The Asian Voice

The myth of Indian nationalism: Statesman contributor

In his article, the author cautions about nationalism being used in the wrong context.

Students hold Indian flags as they take part in an event in Amritsar, India. PHOTO: EPA-EFE

NEW DELHI (THE STATESMAN/ASIA NEWS NETWORK) - The virulent propagation of nationalism in the wake of the Pulwama outrage reminds me of Arthur Schopenhauer's prophetic words in Essays and Aphorisms:

"Every miserable fool who has nothing at all of which he can be proud, adopts as a last resource pride in the nation to which he belongs; he is ready and happy to defend all its faults and follies tooth and nail, thus reimbursing himself for his own inferiority."

Nationalism in its widest sense creates an unreal vision of oneness of religion, language and literature, indeed culture, caste, creed and territorial definition of a geographical area; those that do not comply are outlanders, fit for extermination.

By its inherent machismo, nationalism is misogynist, brazenly racist and sectarian and often fatally violent, if we recount the persecution of Jews and Armenians. There is nothing wrong in possessing a sense of national pride.

Nationalism presupposes the unification of people within a defined territorial jurisdiction, indeed people who are proud of their achievements in all walks of life. A belief they believe, or are made to believe by manipulative politicians, that ought to be propagated within and beyond a nation's domestic frontiers.

National self-respect, as defined by avaricious politicians, is but a continuation of this inherent belief in "superiority" that holds alternatives in utter contempt.

Violation of national boundaries of nation-states certainly merits the strongest defensive reaction.

However, when that is imbued by politicians with undue nationalistic fervour, it is projected as a national obsession.

Dovetailing of domestic compulsions with foreign policy is often a cyanide-laden cocktail, as Germany, Italy and Japan disastrously consumed in World War II. Yet these nations rose from the ashes like the Phoenix in the next 75 years, about the same as India's independent existence.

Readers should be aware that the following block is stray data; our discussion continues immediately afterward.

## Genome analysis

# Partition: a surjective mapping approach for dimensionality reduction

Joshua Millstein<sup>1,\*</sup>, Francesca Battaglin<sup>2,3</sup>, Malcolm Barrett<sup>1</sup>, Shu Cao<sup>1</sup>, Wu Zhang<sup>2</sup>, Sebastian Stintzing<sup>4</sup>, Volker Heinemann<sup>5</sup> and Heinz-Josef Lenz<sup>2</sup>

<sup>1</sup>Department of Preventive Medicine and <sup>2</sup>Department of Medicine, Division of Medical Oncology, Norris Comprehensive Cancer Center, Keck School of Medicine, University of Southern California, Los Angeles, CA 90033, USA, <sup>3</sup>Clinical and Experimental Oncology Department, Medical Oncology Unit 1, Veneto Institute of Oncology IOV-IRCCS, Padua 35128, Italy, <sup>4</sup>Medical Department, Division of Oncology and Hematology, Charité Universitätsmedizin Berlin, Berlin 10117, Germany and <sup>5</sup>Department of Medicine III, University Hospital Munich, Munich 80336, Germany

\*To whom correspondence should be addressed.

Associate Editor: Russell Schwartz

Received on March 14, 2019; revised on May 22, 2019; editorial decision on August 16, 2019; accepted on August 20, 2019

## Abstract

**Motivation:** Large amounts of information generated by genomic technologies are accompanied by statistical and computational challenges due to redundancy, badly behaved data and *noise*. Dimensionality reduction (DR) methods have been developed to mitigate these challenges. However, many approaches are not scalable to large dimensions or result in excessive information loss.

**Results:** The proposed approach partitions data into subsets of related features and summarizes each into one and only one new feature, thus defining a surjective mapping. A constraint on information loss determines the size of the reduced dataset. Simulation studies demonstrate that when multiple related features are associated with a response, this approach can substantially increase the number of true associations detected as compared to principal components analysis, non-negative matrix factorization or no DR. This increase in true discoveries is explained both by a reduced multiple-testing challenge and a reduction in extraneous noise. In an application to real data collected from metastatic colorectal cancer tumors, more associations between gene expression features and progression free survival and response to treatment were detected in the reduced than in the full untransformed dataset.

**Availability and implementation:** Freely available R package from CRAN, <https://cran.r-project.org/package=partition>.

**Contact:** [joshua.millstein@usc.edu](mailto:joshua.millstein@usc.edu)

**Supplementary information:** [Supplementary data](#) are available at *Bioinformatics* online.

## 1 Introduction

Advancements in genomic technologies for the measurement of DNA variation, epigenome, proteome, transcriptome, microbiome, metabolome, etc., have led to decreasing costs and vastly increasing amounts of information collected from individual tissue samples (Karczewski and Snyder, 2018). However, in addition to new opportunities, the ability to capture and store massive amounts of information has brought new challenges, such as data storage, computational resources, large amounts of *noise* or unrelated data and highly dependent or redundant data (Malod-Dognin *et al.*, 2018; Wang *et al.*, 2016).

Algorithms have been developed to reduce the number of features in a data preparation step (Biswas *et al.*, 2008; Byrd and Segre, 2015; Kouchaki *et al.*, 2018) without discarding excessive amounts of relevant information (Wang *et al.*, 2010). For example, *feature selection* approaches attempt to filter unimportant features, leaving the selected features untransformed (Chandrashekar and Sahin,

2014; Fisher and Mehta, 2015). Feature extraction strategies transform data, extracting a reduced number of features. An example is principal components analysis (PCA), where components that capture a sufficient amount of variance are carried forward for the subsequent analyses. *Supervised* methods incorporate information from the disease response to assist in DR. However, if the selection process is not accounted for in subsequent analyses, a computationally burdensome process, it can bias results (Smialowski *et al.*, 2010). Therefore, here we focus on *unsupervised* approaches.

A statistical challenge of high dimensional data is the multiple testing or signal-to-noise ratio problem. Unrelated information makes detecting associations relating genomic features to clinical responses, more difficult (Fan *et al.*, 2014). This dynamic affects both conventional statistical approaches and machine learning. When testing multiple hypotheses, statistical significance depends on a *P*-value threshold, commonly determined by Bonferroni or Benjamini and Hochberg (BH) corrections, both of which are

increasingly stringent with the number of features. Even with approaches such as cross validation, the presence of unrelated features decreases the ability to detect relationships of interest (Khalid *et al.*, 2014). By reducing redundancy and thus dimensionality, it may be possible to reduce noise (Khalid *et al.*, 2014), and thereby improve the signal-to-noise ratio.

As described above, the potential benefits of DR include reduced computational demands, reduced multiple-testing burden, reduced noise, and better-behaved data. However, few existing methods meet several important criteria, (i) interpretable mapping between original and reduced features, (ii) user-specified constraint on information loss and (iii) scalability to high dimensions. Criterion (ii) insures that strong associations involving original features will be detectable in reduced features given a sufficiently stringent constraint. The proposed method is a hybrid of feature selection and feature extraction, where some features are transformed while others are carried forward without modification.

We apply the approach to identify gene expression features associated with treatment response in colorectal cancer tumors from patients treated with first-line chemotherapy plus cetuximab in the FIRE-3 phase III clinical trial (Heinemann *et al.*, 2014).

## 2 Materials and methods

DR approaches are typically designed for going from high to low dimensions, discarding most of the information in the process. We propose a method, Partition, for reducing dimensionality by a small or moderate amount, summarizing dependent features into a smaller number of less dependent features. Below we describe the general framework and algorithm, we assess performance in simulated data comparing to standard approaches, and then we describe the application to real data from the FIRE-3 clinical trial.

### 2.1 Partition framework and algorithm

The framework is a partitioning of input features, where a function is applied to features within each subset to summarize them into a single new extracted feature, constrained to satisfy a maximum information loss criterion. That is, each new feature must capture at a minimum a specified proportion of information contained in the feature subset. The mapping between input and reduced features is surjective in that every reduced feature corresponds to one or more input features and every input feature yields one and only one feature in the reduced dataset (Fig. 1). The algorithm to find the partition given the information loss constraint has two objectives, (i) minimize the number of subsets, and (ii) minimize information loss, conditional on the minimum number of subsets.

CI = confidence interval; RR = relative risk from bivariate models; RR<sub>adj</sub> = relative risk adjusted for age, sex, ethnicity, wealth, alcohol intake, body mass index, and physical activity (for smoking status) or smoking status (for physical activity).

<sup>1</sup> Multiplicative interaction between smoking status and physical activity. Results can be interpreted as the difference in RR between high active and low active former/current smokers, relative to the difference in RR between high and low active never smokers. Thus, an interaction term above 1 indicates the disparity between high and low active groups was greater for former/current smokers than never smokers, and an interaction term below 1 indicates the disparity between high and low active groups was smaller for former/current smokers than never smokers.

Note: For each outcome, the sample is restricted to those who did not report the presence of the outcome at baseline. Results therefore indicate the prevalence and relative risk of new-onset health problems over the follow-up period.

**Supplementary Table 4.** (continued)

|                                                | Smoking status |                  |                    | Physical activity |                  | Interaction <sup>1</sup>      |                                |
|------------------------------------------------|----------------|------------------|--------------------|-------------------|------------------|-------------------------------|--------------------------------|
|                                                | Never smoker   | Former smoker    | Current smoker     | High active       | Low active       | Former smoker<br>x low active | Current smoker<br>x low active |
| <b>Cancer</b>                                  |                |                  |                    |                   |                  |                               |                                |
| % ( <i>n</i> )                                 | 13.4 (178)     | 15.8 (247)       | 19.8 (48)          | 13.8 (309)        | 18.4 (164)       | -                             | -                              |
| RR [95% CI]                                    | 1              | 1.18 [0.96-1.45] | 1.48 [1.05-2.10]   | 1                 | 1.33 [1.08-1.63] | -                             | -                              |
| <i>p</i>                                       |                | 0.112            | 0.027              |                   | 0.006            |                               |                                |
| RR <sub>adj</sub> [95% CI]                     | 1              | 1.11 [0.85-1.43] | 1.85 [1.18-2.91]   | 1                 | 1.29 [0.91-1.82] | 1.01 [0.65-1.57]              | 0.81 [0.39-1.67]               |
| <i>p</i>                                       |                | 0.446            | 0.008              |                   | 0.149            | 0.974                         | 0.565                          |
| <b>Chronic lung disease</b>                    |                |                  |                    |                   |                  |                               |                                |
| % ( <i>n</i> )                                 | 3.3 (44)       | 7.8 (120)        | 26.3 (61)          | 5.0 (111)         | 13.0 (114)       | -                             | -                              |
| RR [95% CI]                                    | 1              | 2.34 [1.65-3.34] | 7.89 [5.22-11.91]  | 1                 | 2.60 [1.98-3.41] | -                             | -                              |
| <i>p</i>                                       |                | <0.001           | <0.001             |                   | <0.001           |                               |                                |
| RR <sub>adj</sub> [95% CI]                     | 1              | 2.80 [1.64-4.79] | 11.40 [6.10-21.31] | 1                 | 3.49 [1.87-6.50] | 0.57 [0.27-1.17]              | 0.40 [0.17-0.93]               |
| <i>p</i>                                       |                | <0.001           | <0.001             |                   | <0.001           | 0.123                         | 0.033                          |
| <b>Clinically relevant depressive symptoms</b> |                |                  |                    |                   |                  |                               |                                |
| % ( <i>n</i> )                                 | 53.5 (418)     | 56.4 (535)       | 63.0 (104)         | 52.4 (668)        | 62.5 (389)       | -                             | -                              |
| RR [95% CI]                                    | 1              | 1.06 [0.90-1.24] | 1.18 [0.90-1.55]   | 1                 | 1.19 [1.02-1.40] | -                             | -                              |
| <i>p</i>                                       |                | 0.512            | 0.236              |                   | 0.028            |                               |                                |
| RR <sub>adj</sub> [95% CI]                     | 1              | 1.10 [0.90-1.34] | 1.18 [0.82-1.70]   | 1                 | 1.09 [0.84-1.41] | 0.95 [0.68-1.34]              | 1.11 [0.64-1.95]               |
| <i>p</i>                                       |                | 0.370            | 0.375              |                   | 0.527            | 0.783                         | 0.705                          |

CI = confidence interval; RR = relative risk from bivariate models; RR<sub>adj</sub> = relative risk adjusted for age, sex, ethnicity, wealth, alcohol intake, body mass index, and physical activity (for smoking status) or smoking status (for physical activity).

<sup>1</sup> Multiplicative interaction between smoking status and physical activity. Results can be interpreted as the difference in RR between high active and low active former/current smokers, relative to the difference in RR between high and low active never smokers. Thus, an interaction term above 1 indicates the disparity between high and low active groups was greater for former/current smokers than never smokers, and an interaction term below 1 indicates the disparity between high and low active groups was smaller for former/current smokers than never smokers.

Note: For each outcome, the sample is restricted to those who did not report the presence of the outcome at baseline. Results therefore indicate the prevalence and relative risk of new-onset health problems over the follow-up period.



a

The war efforts of Germany and Japan, their quantum advances in military and scientific technology, education, health, employment, industrial production, etc, justifiably created the aura of invincible nationalism.

For a decent job, a roof over the head and a better life, personal liberty and economic fortunes could be momentarily mortgaged. Nazi Germany fulfilled nearly all their promises in just six years (1933-39).

However, what of India?

How many "nationalists" have heard of Ram Mohan Roy's successful efforts to ban sati and child marriage (in tandem with the British Governor-General William Bentinck)?

Remember Bhagat Singh but forget Savitribai Phule or Pritilata Wadedar, that it was the German and British Indologists like William Jones, James Prinsep and Max Mueller that broadcast India's rich cultural heritage to the world and whose sterling contributions remain firmly etched in world history and institutions like the Asiatic Society and the Indian Museum.

Likewise, how many of us are able to recite Bankim Chatterjee's Bande Mataram with its Sanskrit intonations, or know that only the first verse of Tagore's Jana Gana Mana was adopted for our national anthem or that the first design of our national flag was crafted by a Mumbai-based Parsi woman called Madam Cama in 1907? The Parsis originated in Persia.

How many of us have heard of Dwijendralal Roy, Kazi Nazrul Islam, Saadat Hassan Manto, and a myriad other littérateurs whose songs and books ratcheted up nationalistic support against the oppressive coloniser?

Similarly, how many have heard of Anandibai Gopalrao Joshi and Kadambini Ganguly, India's first women doctors in the late 19th century?